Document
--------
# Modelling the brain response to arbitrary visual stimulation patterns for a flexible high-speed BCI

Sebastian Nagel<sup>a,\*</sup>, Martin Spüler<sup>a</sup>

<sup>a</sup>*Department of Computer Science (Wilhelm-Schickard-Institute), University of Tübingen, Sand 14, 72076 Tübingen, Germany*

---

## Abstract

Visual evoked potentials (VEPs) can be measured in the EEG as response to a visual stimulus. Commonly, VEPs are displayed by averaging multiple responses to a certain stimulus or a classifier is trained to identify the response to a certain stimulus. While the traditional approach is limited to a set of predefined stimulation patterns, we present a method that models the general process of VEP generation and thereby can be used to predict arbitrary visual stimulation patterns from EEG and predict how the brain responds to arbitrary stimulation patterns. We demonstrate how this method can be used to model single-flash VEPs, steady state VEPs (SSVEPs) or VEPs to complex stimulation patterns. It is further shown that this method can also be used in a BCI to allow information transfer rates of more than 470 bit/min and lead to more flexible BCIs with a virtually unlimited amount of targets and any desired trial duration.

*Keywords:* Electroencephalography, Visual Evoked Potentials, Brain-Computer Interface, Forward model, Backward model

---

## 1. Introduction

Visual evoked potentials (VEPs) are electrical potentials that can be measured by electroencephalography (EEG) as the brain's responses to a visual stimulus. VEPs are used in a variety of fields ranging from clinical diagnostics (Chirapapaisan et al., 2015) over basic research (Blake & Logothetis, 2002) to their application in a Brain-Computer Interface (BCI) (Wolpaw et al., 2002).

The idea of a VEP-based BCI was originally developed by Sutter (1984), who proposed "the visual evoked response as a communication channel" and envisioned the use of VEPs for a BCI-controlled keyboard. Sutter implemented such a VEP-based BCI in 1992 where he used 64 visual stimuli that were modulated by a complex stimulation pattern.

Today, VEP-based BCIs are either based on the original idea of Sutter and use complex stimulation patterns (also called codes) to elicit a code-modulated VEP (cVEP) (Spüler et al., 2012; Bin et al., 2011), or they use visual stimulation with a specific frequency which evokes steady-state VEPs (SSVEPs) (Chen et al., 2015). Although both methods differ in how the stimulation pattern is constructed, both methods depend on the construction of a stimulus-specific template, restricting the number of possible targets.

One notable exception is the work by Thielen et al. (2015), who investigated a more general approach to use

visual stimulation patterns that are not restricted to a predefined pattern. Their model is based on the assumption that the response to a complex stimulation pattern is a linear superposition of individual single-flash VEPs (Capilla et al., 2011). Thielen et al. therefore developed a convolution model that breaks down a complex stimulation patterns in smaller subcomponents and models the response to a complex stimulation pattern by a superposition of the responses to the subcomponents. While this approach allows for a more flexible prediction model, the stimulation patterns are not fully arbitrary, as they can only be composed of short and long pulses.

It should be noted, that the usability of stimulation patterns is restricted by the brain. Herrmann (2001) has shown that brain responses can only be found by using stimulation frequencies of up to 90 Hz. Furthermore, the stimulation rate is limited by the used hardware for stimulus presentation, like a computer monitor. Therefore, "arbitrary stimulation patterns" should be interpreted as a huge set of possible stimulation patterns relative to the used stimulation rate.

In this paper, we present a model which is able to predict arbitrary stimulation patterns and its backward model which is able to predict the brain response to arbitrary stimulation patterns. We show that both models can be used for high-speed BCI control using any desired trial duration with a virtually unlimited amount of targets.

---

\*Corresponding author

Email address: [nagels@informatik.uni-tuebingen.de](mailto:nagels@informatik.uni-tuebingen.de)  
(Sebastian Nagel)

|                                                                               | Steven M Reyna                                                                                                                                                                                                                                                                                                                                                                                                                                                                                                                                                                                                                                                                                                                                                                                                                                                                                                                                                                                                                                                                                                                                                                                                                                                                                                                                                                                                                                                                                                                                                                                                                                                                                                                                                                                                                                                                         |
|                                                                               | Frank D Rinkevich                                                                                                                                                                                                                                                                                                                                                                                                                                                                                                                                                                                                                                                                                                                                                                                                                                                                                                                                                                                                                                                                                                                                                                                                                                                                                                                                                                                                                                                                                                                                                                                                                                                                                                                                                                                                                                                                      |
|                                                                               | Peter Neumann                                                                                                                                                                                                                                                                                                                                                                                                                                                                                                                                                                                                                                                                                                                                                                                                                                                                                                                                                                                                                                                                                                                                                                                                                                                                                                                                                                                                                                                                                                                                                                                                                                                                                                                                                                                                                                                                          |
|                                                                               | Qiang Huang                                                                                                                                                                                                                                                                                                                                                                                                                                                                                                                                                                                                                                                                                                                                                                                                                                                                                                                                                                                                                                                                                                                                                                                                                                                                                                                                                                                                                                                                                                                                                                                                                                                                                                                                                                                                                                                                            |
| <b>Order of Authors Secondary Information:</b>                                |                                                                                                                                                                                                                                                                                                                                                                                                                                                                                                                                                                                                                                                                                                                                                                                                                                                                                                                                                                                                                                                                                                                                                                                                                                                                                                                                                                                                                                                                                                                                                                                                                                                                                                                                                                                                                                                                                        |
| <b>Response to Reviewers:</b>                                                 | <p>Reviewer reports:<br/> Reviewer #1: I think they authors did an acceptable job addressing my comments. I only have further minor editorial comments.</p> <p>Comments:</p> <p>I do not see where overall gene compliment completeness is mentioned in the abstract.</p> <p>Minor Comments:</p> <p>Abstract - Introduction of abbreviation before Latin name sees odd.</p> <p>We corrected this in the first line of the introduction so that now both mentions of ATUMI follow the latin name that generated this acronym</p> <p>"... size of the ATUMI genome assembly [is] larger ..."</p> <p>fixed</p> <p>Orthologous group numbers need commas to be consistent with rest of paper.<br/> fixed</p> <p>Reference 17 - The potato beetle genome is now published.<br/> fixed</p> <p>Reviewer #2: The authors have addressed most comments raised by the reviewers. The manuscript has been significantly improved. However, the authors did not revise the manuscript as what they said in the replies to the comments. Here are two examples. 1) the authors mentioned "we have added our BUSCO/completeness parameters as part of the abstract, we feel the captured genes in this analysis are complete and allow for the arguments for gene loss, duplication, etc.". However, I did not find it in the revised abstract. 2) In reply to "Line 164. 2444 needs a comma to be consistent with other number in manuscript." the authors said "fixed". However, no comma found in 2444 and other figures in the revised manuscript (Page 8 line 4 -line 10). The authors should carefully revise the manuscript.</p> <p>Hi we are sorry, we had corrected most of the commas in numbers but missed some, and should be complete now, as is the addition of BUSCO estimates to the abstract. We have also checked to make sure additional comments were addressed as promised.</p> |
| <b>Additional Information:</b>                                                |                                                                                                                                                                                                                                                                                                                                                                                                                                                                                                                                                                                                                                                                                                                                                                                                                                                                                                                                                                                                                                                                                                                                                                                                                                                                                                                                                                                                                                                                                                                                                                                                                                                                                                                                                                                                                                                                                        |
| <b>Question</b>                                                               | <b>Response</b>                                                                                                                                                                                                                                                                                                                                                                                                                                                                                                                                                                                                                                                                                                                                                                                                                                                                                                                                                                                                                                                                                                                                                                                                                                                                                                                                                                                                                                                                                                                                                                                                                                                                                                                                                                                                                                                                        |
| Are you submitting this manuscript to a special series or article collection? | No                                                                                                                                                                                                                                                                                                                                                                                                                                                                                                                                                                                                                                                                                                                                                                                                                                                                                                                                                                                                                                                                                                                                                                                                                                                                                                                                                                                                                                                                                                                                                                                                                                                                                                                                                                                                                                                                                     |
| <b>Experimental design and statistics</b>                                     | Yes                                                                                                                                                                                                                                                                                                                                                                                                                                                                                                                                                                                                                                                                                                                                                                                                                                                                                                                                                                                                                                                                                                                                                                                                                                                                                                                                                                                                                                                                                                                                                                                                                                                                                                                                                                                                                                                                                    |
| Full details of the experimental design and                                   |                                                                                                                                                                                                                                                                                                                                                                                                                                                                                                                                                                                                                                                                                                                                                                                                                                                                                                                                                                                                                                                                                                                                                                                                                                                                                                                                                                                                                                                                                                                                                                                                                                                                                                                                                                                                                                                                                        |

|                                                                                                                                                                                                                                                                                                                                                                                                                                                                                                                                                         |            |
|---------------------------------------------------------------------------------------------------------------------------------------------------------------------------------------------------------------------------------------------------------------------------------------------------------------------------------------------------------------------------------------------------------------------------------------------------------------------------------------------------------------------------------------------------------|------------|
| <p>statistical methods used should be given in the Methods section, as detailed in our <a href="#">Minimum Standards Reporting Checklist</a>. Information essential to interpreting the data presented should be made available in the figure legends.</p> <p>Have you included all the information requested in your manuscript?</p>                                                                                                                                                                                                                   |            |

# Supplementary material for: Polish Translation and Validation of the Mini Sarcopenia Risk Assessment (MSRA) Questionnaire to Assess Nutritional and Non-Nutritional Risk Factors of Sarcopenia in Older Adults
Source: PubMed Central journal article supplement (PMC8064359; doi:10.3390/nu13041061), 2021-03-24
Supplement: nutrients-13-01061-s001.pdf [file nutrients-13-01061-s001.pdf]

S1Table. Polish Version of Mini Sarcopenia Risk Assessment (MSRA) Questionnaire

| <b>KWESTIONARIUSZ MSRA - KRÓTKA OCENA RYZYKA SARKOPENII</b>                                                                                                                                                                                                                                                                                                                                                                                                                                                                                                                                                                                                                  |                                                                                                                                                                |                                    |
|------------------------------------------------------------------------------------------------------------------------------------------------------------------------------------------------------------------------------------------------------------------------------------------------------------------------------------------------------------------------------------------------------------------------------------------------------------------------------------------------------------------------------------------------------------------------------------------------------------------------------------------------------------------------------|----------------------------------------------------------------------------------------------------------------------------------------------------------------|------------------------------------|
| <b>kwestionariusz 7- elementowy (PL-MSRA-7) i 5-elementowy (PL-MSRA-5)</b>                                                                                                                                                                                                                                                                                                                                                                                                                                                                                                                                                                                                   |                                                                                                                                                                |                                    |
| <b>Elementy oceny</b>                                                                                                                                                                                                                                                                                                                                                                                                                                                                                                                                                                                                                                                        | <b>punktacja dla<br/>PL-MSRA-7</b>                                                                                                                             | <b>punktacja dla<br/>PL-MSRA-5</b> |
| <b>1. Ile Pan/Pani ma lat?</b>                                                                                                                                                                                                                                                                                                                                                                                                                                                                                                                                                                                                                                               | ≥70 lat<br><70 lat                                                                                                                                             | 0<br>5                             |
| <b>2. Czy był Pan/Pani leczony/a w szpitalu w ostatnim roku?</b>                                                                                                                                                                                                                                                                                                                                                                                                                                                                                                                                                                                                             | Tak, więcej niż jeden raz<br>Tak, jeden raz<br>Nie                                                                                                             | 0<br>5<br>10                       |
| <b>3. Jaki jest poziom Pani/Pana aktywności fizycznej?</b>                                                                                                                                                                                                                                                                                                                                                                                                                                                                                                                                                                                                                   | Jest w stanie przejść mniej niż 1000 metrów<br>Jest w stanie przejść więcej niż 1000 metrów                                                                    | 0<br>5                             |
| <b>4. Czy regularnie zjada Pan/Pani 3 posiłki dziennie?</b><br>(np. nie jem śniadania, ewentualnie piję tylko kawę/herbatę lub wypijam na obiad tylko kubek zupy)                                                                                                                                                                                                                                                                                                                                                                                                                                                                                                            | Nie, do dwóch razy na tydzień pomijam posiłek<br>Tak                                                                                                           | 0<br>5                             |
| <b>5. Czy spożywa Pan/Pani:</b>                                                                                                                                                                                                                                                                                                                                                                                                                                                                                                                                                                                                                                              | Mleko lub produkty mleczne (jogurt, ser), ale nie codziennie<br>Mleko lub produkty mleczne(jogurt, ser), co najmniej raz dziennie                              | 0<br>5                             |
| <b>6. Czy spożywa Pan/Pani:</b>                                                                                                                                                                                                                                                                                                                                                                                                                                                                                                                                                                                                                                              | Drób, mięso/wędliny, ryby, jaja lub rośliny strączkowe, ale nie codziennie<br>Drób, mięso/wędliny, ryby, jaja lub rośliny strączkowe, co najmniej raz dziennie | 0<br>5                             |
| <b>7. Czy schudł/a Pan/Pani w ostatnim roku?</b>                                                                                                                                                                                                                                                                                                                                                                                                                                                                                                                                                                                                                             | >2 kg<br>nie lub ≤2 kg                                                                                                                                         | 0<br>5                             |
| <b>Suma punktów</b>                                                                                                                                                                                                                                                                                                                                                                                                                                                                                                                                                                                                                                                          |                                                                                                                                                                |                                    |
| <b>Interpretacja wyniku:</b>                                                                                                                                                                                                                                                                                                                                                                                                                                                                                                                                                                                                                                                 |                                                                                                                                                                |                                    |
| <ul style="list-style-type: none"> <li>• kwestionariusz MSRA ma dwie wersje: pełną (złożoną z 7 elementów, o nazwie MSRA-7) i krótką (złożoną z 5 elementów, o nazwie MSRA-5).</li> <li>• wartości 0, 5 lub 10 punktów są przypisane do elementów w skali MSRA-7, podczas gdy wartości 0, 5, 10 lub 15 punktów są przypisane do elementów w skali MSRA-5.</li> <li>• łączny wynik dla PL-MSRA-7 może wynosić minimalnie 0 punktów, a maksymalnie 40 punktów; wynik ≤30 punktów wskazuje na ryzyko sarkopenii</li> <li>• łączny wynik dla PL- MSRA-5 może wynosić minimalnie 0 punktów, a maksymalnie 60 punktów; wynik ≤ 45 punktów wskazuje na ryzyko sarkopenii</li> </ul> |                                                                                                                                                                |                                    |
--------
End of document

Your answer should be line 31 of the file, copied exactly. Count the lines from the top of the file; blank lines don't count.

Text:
| Full details of the experimental design and                                   |                                                                                                                                                                                                                                                                                                                                                                                                                                                                                                                                                                                                                                                                                                                                                                                                                                                                                                                                                                                                                                                                                                                                                                                                                                                                                                                                                                                                                                                                                                                                                                                                                                                                                                                                                                                                                                                                                        |